4. If you care about a thriving Australian economy (and your back pocket), you should care about how your food is grown.

Agriculture accounted for 11.6% of Australia’s exports in 2021-22, equating to around $93 billion. The industry employs over 200,000 people, with the flow on effects of those wages supporting regional communities across the country. Farming is already one of the most exposed industries to the impacts of changing weather patterns such as droughts, which result in lower yields and lower profit. These impacts will be further magnified by climate change and nature destruction in coming years, putting Australia’s economic prosperity – and food security – at risk if not managed soundly. By 2061, impacts of climate change are projected to result in annual agricultural production losses of between $750 million and $1.5 billion. But this doesn’t just hit Australia’s GDP. A decrease in the amount of food produced often means the cost of food at the checkout will become higher, contributing to inflation. While some of these climate-related impacts cannot be avoided, there are ways of producing food which make crops and land more resilient to extreme weather.

Regenerative organic farmer

A regenerative organic farmer

5. If you care about ending hunger and feeding growing future populations, you should care about how your food is grown.

Having food on the dinner table is something we take for granted in Australia, with almost one in ten people around the world without enough to eat. Australia’s hunger figure is much lower than this, but we have a responsibility to help our global neighbours reach the UN Sustainable Development Goal of ending hunger by 2030.

Luckily, Australia produces far more than we need – in fact, we export around 72% of all agricultural commodities. This means we have a huge opportunity to help support global food security whilst positioning ourselves as leaders in sustainable agriculture. But here’s the thing: the global population is expected to grow by 2 billion people by 2050. That places a massive strain on our existing food system already breaching sustainable limits (our ‘planetary boundaries’). This means we must be smart about the way we produce food to ensure there’s enough healthy land, soil, water and inputs available to grow what we need, whilst also ensuring nature and biodiversity are in a better place than they are now. The only way we can continue to support global food security is by working with nature not against it. The survival and wellbeing of future generations depends on it!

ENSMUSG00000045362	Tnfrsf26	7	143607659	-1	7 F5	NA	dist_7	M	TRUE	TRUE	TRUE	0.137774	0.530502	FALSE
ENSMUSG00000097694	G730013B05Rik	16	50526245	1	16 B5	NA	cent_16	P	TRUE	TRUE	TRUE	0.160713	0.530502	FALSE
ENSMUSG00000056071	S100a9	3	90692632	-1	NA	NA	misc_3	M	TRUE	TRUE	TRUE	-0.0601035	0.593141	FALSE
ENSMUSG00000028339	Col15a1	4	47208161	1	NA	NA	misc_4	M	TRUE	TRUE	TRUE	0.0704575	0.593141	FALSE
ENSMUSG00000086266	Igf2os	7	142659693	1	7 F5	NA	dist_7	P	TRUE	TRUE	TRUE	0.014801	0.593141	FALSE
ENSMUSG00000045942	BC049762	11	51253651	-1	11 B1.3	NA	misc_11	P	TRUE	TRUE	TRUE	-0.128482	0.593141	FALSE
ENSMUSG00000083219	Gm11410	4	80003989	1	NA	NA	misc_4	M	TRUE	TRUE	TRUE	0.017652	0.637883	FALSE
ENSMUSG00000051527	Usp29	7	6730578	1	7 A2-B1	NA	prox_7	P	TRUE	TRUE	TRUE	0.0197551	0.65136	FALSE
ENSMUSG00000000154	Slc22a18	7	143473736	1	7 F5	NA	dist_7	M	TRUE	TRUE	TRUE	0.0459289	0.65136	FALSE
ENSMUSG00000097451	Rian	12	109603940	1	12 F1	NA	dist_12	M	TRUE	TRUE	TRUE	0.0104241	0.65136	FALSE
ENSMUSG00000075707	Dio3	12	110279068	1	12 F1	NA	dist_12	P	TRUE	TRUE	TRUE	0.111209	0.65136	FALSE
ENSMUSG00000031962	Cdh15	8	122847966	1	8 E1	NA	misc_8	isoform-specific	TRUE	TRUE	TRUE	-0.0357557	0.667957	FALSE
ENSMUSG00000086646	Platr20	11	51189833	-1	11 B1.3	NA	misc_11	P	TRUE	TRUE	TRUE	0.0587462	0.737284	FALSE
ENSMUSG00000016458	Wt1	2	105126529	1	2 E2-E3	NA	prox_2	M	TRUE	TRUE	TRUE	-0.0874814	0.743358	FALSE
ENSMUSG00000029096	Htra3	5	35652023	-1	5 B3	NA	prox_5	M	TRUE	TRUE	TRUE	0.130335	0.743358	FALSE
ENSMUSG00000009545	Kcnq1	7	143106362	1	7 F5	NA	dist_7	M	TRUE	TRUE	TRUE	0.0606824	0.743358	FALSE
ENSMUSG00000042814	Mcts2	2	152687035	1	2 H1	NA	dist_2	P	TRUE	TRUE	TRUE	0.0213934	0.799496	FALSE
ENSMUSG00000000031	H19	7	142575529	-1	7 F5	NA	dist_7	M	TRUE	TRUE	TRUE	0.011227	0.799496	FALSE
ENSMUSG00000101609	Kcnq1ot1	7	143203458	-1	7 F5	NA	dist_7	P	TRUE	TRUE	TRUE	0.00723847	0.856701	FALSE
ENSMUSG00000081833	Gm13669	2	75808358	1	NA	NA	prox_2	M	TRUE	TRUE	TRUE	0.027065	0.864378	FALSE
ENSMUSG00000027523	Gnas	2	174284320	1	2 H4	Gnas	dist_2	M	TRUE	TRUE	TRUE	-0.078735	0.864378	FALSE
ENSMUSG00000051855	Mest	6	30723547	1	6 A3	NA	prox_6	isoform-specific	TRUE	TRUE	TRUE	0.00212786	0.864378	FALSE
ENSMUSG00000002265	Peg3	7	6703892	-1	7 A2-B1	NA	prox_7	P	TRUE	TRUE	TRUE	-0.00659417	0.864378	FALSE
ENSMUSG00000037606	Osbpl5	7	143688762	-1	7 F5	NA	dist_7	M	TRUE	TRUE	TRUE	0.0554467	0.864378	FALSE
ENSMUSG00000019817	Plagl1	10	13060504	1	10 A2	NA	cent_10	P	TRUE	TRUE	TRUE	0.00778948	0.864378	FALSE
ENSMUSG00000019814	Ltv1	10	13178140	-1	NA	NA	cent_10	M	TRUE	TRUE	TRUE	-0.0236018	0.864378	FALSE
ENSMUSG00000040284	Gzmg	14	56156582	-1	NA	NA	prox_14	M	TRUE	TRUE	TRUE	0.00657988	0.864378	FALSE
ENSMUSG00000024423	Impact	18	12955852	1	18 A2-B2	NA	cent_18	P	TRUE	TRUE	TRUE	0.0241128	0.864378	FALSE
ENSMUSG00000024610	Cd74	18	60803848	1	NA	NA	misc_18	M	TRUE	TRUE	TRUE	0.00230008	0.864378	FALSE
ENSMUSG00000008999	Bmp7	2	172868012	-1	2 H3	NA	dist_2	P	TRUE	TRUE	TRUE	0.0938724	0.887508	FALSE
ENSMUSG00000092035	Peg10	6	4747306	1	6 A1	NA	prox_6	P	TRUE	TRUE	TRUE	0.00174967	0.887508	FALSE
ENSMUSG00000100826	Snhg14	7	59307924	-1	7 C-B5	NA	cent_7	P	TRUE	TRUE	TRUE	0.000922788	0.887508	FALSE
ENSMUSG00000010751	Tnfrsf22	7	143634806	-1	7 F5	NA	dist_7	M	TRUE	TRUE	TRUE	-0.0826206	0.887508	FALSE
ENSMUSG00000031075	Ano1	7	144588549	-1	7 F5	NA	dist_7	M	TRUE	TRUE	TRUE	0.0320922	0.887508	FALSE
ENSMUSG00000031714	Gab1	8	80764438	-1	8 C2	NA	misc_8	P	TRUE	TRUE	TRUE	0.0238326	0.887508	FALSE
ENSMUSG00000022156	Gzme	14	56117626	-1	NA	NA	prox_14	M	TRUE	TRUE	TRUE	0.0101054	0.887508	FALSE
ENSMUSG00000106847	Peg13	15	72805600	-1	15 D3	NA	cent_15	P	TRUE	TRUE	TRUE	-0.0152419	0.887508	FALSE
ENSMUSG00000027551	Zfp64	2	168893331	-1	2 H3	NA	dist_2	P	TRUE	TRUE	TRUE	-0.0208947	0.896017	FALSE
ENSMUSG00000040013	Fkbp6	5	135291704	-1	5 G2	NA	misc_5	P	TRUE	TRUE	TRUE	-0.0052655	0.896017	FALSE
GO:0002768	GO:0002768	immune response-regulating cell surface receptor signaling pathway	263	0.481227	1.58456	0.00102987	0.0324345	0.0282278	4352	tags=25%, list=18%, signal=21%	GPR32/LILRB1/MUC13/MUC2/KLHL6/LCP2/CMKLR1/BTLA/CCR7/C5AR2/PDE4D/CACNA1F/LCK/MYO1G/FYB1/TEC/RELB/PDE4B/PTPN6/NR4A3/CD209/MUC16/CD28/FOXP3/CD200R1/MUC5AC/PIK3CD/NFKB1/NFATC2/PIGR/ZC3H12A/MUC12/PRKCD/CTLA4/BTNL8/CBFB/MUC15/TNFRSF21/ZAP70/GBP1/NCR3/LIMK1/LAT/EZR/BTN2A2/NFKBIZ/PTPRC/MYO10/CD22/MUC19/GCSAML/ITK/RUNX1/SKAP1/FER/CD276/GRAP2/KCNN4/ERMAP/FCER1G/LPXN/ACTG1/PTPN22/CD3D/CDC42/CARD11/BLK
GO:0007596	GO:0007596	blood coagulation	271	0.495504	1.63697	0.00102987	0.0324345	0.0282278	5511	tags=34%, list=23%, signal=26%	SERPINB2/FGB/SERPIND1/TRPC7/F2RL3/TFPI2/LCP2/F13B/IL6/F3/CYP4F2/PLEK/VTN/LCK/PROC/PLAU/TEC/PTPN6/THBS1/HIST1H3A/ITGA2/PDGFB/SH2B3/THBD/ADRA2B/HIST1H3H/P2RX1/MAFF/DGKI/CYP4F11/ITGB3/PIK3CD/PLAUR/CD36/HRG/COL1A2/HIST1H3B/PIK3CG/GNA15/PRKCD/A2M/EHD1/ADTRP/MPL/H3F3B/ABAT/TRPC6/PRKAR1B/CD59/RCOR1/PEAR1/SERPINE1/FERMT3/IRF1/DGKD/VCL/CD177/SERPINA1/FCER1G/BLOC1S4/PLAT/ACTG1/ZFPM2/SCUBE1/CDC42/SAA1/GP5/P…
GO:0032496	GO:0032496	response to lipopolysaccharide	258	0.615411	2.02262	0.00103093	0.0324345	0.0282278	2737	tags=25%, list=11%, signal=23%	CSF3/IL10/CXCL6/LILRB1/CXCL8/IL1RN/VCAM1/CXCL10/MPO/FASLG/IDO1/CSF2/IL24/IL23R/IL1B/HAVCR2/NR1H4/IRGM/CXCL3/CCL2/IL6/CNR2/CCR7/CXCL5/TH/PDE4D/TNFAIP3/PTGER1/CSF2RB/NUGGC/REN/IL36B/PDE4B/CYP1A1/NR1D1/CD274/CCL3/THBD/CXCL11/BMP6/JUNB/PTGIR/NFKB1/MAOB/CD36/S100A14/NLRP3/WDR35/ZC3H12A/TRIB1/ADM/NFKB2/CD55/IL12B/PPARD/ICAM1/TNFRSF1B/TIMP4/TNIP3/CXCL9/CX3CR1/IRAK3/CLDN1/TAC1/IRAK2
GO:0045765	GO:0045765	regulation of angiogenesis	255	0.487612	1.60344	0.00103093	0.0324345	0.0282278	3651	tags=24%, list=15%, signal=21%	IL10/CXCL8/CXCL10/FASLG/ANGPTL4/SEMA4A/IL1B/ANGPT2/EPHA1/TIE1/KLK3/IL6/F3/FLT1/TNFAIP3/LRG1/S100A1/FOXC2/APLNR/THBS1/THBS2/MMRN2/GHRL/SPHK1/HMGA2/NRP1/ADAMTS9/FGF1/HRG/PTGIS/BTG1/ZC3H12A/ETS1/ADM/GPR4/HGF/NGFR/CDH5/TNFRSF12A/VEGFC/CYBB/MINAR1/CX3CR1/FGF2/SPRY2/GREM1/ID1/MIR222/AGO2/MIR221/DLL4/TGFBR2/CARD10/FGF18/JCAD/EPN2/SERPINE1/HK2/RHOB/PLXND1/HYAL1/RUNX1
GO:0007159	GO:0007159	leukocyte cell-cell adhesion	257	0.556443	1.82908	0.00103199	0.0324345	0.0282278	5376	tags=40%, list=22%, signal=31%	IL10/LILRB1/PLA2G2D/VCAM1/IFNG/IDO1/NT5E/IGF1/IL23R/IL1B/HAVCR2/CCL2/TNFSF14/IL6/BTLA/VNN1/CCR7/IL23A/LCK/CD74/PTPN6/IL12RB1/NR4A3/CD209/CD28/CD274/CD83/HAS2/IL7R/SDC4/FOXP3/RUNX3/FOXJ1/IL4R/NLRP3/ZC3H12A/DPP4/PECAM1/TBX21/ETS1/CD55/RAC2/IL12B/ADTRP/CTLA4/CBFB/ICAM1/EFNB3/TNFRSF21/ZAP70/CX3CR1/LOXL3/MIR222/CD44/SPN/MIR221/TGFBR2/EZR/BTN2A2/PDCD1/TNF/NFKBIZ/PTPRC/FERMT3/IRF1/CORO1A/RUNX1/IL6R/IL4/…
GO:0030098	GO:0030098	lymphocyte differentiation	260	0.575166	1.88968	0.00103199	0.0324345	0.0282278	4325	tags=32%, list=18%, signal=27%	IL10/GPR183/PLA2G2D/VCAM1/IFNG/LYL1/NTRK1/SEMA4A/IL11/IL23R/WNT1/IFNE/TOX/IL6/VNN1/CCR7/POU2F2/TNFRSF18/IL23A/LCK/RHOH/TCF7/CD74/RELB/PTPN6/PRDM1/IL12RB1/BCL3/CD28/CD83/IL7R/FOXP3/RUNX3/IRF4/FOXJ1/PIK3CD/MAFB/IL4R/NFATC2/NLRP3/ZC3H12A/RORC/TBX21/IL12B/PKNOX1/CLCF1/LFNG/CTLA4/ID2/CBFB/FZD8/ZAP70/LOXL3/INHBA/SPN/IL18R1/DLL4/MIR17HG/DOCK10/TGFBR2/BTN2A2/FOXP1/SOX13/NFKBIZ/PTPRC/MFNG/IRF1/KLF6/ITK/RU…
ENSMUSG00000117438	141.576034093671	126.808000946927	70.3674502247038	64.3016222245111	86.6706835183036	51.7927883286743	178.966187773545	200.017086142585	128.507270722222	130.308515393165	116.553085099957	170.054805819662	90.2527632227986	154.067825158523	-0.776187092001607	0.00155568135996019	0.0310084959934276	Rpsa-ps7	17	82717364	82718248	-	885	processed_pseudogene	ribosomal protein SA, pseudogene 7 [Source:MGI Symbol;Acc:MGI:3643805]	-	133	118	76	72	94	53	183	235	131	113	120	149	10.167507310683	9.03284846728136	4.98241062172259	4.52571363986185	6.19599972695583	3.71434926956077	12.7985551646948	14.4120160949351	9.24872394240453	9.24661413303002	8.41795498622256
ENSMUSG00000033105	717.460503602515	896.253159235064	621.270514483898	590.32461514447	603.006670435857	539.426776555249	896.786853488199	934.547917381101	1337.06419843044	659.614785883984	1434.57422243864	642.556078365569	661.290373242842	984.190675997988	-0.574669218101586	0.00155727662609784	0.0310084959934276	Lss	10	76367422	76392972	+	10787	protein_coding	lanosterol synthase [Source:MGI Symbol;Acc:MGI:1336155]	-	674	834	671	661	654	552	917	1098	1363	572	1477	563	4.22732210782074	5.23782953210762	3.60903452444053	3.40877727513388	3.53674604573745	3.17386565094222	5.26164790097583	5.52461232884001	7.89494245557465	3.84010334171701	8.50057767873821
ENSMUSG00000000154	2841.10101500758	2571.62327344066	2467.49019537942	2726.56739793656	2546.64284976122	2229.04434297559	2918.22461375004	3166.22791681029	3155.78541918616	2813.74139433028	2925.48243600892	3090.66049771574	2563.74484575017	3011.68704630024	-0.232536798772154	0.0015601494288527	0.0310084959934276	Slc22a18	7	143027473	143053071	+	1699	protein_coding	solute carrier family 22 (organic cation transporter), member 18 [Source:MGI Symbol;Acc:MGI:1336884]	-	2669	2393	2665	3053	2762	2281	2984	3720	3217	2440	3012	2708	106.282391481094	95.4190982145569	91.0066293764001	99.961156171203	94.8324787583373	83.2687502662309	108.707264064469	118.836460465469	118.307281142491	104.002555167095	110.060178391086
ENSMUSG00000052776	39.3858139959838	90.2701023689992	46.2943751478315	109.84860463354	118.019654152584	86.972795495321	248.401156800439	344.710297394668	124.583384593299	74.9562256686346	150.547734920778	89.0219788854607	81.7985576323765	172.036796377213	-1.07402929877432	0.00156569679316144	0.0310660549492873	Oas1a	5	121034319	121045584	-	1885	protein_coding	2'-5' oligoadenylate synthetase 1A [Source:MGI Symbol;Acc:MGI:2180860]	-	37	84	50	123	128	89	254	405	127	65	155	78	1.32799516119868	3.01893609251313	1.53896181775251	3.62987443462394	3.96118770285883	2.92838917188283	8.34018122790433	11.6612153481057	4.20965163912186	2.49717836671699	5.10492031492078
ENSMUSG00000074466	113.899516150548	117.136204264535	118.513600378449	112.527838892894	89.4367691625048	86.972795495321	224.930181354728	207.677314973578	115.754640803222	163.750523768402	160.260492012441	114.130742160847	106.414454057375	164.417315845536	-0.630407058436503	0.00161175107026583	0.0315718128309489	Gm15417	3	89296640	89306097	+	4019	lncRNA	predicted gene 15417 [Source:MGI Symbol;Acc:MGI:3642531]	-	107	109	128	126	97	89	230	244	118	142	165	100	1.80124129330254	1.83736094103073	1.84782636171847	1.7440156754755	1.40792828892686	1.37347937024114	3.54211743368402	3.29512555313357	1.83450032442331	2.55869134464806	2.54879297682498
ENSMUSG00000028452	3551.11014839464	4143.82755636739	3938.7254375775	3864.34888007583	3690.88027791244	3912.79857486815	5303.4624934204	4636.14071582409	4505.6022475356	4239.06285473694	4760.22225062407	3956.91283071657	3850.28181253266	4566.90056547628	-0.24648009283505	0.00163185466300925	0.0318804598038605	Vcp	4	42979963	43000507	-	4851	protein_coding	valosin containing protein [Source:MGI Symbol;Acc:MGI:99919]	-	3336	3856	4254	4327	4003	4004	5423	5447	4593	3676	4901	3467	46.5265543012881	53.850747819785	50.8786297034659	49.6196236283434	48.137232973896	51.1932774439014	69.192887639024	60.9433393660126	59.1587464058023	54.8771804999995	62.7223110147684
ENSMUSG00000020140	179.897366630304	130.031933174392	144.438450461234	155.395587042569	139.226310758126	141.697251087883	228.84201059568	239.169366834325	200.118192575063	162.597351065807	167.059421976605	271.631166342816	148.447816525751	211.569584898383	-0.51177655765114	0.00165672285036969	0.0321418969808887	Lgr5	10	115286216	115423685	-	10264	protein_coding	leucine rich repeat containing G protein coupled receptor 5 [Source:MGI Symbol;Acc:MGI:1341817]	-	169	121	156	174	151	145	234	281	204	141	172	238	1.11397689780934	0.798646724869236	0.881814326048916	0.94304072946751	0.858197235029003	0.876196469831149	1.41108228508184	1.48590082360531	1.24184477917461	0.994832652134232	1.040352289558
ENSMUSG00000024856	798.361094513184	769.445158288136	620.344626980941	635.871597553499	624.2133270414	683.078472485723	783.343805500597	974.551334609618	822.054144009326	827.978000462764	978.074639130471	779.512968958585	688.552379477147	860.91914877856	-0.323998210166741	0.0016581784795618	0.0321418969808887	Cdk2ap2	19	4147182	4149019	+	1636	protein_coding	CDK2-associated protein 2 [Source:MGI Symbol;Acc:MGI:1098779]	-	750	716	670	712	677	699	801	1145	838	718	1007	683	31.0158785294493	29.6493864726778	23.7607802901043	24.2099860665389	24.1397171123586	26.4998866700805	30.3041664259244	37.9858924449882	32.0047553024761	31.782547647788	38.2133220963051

I do care - now what?

There’s significant work to be done to reach a sustainable food system balancing the needs of today with those of future generations. ACF is working to elevate these issues and shine a light on the biggest players with power to leverage change. A food system that is good for people, nature and climate is possible and our big supermarkets, fast food outlets and banks must help to create it.

Learn more about ACF’s work to fix our broken food system.

Bonnie Graham